The insurance chief executive and investor Warren Buffett is famous for quotes that are pithy and often prescient. One of his quotes often used when talking about integrity and business is this one:
“Somebody once said that in looking for people to hire , you look for three qualities: integrity, intelligence, and energy. And if you don’t have the first, the other two will kill you. You think about it; it’s true.”
There’s much sense in what he’s saying, but there’s a danger in taking it too literally. Before I explore what that danger is , let’s open up his statement a little. What he’s saying is that if you recruit someone…
- without integrity, but with energy and intelligence, you have someone who is smart and fast-moving, but who you can’t trust;
- without energy, but with intelligence and integrity, you have a trustworthy person who has good ideas but doesn’t do anything about them;
- without intelligence, but with energy and integrity, you have someone who people can trust, and who is fast moving, but who won’t be any good at foreseeing or tackling problems.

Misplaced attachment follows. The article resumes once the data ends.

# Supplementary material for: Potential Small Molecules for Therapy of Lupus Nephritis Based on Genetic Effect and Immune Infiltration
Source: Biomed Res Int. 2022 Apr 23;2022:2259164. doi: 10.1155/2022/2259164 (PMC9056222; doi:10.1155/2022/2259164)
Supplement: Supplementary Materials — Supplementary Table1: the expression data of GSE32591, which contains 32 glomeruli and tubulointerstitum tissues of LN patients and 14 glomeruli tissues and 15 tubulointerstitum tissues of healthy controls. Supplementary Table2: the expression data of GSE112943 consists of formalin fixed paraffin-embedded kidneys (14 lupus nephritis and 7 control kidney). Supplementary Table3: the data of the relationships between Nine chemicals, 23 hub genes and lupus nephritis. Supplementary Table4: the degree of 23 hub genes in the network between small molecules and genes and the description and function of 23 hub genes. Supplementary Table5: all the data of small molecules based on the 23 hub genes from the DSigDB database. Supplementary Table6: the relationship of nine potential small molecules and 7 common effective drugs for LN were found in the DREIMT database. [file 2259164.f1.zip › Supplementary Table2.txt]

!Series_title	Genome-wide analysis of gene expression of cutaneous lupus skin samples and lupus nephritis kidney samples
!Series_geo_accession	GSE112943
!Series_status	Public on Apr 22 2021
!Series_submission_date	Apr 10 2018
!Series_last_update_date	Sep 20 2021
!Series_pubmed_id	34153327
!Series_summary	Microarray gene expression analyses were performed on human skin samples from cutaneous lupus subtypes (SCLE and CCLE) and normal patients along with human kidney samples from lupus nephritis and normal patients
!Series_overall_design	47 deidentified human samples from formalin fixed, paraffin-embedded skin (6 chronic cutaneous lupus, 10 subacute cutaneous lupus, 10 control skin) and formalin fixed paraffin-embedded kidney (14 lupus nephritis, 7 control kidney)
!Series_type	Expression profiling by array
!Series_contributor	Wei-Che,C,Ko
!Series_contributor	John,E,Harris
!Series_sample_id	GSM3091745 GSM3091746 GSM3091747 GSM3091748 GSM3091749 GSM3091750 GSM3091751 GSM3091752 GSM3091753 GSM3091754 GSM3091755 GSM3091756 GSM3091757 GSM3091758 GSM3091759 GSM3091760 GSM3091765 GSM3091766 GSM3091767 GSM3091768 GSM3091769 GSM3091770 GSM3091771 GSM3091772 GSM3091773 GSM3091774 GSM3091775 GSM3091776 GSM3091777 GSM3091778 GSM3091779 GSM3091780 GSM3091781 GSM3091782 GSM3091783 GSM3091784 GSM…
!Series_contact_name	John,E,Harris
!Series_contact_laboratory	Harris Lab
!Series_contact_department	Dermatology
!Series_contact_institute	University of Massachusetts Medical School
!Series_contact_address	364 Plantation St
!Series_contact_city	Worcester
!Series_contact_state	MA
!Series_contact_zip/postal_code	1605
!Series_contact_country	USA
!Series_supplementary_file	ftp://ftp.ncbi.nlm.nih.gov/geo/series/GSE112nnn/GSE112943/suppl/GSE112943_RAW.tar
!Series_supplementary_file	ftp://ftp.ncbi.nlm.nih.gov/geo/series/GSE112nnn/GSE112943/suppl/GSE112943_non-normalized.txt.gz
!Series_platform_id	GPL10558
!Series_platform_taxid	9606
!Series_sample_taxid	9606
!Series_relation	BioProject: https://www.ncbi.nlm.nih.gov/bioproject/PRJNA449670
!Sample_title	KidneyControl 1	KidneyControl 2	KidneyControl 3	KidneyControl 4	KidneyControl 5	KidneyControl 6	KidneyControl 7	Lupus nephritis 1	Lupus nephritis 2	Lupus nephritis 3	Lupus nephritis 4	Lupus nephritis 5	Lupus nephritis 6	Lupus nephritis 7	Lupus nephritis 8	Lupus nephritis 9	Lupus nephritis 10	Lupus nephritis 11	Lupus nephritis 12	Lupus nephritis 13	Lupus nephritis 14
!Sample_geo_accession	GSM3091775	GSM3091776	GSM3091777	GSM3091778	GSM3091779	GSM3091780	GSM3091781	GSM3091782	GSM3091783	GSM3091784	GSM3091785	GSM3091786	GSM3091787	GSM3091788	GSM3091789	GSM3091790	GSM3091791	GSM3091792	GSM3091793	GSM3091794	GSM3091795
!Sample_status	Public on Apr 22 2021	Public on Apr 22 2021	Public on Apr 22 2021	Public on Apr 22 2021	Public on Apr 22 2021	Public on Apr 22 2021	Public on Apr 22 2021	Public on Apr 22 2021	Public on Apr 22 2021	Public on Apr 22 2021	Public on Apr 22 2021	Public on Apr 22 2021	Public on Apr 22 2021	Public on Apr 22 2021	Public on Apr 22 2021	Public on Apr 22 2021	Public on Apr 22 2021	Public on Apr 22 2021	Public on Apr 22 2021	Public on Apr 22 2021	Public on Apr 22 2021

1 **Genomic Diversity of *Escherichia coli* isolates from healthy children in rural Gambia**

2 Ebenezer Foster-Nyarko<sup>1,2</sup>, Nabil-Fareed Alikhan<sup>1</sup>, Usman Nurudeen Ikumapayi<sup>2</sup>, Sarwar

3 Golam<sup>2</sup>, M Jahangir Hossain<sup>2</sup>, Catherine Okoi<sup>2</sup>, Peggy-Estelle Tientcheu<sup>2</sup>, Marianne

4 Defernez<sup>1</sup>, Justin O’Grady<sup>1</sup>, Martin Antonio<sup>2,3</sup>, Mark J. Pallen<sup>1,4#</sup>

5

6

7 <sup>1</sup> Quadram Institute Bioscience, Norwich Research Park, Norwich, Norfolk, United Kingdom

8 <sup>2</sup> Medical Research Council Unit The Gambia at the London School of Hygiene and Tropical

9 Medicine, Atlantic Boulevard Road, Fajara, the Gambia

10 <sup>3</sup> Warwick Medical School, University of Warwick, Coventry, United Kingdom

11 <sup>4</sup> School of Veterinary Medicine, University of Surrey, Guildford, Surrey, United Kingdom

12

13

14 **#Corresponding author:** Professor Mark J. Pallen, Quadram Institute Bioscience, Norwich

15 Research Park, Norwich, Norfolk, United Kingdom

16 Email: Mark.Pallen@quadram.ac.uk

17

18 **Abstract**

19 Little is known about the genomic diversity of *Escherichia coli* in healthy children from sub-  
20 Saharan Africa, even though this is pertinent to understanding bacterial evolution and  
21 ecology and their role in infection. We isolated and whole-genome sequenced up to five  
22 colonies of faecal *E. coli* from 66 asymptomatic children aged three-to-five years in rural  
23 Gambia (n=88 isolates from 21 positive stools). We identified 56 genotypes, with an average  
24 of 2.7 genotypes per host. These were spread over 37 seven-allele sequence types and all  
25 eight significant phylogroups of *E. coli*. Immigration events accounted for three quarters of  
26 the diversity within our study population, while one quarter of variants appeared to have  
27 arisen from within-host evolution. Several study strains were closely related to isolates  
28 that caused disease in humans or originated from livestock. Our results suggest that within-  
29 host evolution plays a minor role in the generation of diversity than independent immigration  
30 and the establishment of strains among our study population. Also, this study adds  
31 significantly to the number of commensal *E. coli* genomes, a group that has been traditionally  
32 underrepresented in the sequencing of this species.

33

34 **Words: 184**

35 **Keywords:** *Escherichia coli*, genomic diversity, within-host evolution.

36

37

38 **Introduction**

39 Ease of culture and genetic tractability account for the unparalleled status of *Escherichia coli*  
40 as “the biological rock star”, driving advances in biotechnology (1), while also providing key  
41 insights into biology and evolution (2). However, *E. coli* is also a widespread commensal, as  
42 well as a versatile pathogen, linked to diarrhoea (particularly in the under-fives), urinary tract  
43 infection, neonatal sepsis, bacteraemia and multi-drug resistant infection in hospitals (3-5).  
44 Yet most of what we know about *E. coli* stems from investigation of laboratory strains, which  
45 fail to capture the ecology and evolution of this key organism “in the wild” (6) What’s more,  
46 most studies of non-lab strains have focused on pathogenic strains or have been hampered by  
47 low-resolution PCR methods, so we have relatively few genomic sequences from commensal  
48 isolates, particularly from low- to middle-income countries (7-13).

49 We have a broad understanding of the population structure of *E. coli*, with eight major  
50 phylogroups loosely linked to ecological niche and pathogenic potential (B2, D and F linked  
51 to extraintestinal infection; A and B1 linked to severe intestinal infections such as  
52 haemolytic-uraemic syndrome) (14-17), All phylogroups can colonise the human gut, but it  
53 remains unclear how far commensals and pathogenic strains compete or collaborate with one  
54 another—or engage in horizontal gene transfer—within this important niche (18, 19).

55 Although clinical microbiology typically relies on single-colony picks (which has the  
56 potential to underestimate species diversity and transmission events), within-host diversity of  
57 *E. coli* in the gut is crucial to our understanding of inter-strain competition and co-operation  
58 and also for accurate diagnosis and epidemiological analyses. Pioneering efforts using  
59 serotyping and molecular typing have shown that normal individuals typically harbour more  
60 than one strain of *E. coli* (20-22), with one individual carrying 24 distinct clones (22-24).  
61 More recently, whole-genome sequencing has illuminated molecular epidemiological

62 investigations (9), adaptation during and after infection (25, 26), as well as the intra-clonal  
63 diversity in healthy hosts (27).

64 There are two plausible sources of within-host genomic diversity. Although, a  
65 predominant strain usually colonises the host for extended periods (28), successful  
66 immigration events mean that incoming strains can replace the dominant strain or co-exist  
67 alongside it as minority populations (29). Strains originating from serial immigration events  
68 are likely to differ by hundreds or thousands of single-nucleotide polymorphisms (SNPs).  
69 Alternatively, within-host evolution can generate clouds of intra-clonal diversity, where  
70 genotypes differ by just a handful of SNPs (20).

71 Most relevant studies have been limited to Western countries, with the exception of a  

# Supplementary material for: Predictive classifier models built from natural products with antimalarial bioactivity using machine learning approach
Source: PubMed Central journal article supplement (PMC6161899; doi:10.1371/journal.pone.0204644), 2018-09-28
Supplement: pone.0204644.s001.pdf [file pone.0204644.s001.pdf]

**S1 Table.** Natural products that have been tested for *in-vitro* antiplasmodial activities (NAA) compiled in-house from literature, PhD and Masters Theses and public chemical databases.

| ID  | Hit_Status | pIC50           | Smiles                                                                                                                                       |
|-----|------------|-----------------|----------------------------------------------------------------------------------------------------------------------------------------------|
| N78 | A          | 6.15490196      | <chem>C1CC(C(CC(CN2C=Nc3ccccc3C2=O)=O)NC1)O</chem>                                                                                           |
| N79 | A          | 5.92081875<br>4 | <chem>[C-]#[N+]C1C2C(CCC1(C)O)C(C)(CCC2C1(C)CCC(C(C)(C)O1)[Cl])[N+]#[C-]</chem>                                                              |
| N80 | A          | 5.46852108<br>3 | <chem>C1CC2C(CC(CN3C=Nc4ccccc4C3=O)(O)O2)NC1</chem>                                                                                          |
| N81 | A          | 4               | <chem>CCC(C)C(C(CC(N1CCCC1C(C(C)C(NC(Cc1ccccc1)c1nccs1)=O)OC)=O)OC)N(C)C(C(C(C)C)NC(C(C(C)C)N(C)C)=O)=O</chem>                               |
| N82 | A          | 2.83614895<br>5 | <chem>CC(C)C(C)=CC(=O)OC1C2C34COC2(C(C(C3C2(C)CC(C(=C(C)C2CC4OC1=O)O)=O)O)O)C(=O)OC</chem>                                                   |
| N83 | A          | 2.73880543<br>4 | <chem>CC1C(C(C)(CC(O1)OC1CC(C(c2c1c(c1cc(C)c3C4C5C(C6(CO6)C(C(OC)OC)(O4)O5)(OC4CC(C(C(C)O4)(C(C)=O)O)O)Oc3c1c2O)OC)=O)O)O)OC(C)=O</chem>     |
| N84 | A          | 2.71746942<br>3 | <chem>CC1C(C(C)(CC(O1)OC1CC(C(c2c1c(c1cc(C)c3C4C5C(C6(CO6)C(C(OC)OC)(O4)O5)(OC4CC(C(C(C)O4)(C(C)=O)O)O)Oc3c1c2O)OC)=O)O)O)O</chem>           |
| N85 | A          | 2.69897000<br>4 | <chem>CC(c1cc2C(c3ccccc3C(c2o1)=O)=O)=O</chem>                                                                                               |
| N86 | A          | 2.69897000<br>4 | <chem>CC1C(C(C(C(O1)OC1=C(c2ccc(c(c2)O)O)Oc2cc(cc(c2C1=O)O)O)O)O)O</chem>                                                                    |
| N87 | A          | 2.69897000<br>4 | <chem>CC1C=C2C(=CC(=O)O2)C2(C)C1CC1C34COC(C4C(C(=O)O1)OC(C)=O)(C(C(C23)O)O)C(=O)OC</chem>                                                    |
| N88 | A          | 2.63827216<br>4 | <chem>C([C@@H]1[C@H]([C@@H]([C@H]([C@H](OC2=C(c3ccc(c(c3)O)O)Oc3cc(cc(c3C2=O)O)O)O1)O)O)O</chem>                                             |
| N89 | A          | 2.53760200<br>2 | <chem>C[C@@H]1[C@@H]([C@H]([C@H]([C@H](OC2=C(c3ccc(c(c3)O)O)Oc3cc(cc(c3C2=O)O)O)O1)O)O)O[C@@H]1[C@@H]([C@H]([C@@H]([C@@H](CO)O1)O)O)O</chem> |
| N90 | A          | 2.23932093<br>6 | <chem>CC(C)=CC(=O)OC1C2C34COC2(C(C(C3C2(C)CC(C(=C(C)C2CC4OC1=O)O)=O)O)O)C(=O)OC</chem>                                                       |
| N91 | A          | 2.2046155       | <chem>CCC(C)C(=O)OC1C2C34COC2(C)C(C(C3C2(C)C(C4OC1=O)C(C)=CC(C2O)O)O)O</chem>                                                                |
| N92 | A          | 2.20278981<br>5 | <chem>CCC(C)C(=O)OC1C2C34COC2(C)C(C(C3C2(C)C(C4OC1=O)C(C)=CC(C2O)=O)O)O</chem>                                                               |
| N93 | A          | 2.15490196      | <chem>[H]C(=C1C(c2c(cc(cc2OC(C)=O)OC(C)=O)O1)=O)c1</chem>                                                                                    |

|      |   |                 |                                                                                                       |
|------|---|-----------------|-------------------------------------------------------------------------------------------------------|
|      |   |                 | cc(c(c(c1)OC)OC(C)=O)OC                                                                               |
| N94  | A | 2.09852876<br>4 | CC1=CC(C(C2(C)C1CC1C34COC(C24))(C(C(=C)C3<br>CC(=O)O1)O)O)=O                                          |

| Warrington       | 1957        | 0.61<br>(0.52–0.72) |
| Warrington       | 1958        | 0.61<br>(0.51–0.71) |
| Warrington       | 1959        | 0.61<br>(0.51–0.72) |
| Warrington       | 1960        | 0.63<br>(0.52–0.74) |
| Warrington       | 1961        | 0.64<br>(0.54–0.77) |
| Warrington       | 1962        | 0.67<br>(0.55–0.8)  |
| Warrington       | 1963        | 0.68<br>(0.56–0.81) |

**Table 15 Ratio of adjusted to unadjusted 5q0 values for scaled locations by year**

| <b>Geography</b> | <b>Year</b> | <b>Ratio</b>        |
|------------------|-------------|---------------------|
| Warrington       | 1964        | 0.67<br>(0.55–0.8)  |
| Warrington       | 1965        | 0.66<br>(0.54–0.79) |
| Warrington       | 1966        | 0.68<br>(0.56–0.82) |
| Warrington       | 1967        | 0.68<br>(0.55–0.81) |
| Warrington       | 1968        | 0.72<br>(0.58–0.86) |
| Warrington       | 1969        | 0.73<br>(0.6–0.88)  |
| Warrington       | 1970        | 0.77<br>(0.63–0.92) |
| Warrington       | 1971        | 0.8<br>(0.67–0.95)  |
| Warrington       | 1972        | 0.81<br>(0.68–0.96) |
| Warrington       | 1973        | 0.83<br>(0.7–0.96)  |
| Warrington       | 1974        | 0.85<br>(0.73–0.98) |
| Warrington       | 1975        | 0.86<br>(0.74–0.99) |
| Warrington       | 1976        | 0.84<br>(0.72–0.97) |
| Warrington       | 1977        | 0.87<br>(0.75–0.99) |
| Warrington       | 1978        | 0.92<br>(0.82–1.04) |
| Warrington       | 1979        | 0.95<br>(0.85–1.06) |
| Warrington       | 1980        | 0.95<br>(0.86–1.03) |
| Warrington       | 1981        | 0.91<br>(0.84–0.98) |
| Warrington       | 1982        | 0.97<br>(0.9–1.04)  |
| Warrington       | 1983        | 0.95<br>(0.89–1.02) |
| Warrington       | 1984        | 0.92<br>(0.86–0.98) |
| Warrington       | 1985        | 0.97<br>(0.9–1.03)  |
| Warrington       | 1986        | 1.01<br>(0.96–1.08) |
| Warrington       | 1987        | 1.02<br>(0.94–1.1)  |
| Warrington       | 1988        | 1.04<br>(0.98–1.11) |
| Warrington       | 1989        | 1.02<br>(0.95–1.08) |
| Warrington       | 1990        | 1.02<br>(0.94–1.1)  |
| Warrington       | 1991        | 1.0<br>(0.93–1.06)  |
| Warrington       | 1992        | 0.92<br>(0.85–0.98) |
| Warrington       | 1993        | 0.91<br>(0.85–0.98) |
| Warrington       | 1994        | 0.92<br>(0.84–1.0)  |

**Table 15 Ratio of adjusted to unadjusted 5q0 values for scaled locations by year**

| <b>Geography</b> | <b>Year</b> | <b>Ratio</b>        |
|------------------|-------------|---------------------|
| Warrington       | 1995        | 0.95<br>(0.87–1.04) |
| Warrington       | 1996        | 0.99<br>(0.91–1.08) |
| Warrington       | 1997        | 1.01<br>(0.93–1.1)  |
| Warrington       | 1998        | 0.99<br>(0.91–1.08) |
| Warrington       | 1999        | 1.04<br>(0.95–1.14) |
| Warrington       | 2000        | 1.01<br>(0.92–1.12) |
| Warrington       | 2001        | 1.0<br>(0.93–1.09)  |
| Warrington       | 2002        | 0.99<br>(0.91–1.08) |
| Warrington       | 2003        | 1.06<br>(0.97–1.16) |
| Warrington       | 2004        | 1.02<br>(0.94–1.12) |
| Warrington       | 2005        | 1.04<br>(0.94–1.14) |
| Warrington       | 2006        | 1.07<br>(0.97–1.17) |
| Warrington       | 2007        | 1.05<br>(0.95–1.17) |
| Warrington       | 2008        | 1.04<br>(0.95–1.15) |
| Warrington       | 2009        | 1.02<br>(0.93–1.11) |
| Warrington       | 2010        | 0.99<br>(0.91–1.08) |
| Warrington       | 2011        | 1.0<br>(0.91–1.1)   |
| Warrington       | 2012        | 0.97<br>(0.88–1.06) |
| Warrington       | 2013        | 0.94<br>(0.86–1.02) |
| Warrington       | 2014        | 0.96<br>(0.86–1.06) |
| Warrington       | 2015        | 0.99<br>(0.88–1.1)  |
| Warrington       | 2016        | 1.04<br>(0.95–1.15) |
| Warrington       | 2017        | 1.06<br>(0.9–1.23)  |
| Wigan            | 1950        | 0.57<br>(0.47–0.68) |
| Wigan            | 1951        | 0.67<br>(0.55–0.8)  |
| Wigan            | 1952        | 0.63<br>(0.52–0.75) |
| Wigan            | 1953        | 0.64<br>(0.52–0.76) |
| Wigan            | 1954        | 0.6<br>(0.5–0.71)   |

Much better of course to recruit someone with all three qualities. Yet if you think about it, a candidate is unlikely in reality to be lacking in any one of those qualities. If you didn’t have energy or intelligence, they wouldn’t be sitting in front of you as a candidate. Perhaps Buffett was being a bit too pithy.
In reality, the question is more about degree. Is that person intelligent enough for that role and energetic enough to produce the results you need? Do they havesufficient
integrity to become a trusted member of our team? For in reality, people rarely enter business life without values of some sort. What a recruiter has to establish if whether that person’s values are the sort that will add to or endanger, their firm’s reputation for integrity.
Note that I talk about values, for firms have two sorts of values: business values like innovative and entrepreneurial, and ethical values like trust and integrity. So someone with strong values of the business sort could bring lots of energy and intelligence to your firm, but not necessarily enough integrity.
It’s common for insurance firms to assess candidates on their intelligence and energy, but less common for them to assess candidates on their integrity. That’s certainly an exposure for them, given the current direction of many regulators’ thinking on personal accountability.
The topic that recruiters need to understand is ethical decision making and the toolkit they need to have at hand is twofold: firstly, to clearly set out the competencies around which to pivot the integrity being sought, and secondly how to assess the proficiency with which the candidate is able to apply that integrity. These are topics that I’ll be exploring in considerable detail in early 2017.